From PTO president to mayor: Ridgefield’s Jennifer Lindsay is a longtime advocate for schools


Like many Ridgefield residents, Lindsay is a transplant, moving here from Bonney Lake, Washington 12 years ago

When Ridgefield Mayor Jennifer Lindsay says she supports Ridgefield schools, she means it. As the parent of two students in the district, she has spent hundreds of hours planning fundraisers, managing teacher grants, and visiting classrooms. Now as Ridgefield’s mayor, her support for the schools is undiminished; she believes education is one of the city’s highest priorities. 

Ridgefield Mayor Jennifer Lindsay reads to preschoolers on “Read Across America Day.’’ Photo courtesy Ridgefield School District
Ridgefield Mayor Jennifer Lindsay reads to preschoolers on “Read Across America Day.’’ Photo courtesy Ridgefield School District

Like many Ridgefield residents, Lindsay is a transplant, moving here from Bonney Lake, Washington 12 years ago. Her family immediately fell in love with Ridgefield’s small-town feel, and they put down strong roots. With both her son and daughter attending Ridgefield schools, Lindsay joined the Union Ridge Elementary Parent Teacher Organization (PTO) and served as president for two years. 

During her tenure, Lindsay directed several large-scale events and fundraisers for the school. Those fundraisers were extremely successful, funding teacher grants that were larger than previous years. 

“We got a grant request from a teacher who wanted a couple of microscopes for her class,” Lindsay remembered, “and I said, ‘Why don’t we just get a whole cart of them so each student can have one?’ And she teared up, she was so happy. That interaction got stuck in my brain; it made me think of how many other ways I could help the schools.” 

The interaction had a greater impact as well. “It got me hooked on wanting to do public service,” Lindsay said, “on being able to see the direct impact of what you do.” She decided to volunteer on the city of Ridgefield’s planning commission, where she served two years. Then she served three years on city council before being unanimously elected as mayor by her fellow council members in January 2022.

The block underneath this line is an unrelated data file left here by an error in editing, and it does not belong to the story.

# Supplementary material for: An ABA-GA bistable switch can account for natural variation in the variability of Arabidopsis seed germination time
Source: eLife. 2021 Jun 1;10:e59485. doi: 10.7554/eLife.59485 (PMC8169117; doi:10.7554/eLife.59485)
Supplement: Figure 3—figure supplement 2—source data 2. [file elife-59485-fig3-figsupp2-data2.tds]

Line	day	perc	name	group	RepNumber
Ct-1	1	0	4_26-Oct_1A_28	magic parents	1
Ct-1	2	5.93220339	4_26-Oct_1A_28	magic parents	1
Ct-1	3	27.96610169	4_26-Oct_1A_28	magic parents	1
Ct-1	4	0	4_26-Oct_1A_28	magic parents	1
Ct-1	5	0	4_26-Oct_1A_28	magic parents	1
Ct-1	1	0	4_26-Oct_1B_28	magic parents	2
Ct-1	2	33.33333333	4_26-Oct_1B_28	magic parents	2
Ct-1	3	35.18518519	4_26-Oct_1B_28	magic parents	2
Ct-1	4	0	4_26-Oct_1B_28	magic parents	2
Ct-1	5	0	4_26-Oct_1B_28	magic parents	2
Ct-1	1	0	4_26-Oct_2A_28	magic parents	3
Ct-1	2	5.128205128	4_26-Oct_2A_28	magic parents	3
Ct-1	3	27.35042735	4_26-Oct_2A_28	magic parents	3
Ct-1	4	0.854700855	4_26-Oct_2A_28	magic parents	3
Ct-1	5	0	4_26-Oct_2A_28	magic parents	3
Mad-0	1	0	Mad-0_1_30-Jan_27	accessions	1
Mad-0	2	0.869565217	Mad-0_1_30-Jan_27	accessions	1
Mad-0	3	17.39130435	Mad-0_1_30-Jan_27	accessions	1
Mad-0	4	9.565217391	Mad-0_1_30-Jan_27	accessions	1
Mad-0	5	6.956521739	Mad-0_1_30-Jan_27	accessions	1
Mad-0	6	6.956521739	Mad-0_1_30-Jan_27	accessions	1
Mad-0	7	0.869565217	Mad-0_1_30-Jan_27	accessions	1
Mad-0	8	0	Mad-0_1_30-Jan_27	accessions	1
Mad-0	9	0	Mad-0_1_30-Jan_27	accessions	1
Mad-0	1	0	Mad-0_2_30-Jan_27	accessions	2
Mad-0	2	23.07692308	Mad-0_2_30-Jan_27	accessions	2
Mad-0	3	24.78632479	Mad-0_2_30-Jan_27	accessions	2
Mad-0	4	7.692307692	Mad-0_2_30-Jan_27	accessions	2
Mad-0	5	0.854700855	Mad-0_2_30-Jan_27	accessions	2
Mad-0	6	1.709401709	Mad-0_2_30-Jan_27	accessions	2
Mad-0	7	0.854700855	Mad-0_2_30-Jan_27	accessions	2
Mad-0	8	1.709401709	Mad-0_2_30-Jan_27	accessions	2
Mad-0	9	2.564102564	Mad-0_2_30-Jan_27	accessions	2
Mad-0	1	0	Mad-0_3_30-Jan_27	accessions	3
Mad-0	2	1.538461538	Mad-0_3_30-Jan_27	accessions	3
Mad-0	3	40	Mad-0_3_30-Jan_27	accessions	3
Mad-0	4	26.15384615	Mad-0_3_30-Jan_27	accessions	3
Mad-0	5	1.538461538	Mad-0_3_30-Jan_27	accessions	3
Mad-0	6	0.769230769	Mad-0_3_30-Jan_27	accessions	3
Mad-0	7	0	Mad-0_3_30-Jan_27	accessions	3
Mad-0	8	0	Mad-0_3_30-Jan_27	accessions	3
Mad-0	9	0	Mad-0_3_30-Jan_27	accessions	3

“Being mayor is really rewarding, although having to absorb so much information the first six to eight weeks made it feel like drinking from a firehose,” Lindsay said with a laugh. “I am proud to be part of such an active and involved city council. Every single councilperson is accessible. We all reach out, and we enjoy going out to talk to people.”

Lindsay believes this communication is even more important as the city continues to grow. “We have a lot of new people who have fresh ideas and new ways to move forward that we haven’t thought of before,” she said. “If you don’t change, you get stagnant. And Ridgefield is definitely not stagnant!”

Lindsay is from a family of educators, so she looks beyond the school system at how education can have an impact on a regional level. “Education is not a one-size-fits-all product,” she said. “It’s important to focus on more than just traditional four-year universities, to include trades and alternative education. There’s a value in getting a two-year degree, in interning or apprenticing. We want to make more of that available to people here in Ridgefield.” 

The plan to build Clark College’s Boschma Farm campus in Ridgefield is part of that, but Lindsay is also looking ahead to create economic development around it. “What businesses can use this well-trained workforce, and how do we draw those businesses here?” she asked. By tying education into the local economy, Lindsay sees a path to success for everyone involved. “Education is so important,” she continued. “It’s the one universal thing that everyone can use to better themselves.” 

Lindsay reflected on how the city’s growth has created a dire need for new schools. “I understand what parents and kids are going through with all this,” she said. “And it’s a tough choice when schools have to think about going to A.M./P.M shifts or repurposing shared spaces.” She paused. “I hope the people of Ridgefield understand that when there are no more resources, logistically the schools have to make tough choices. I hope it doesn’t become necessary. We don’t always realize the impact of decision-making now, and how those decisions will impact future generations.”

Lindsay says the high quality of Ridgefield schools has always been a draw for new residents. “The top three reasons we hear about why people move here are the small-town feel, the schools, and the accessibility of nature. It’s important to us to preserve and protect all of those things,” she explained. “Schools are not just a resource for the students, but also for the community. Education will always be a high priority for us here in Ridgefield.” 

As mayor, Lindsay plans to continue her work as a strong advocate for schools and for the community, preserving Ridgefield’s charm and supporting its positive growth. 

Information provided by Ridgefield School District.

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Rob Anderson
9 months ago

Well, I guess that clears that up.

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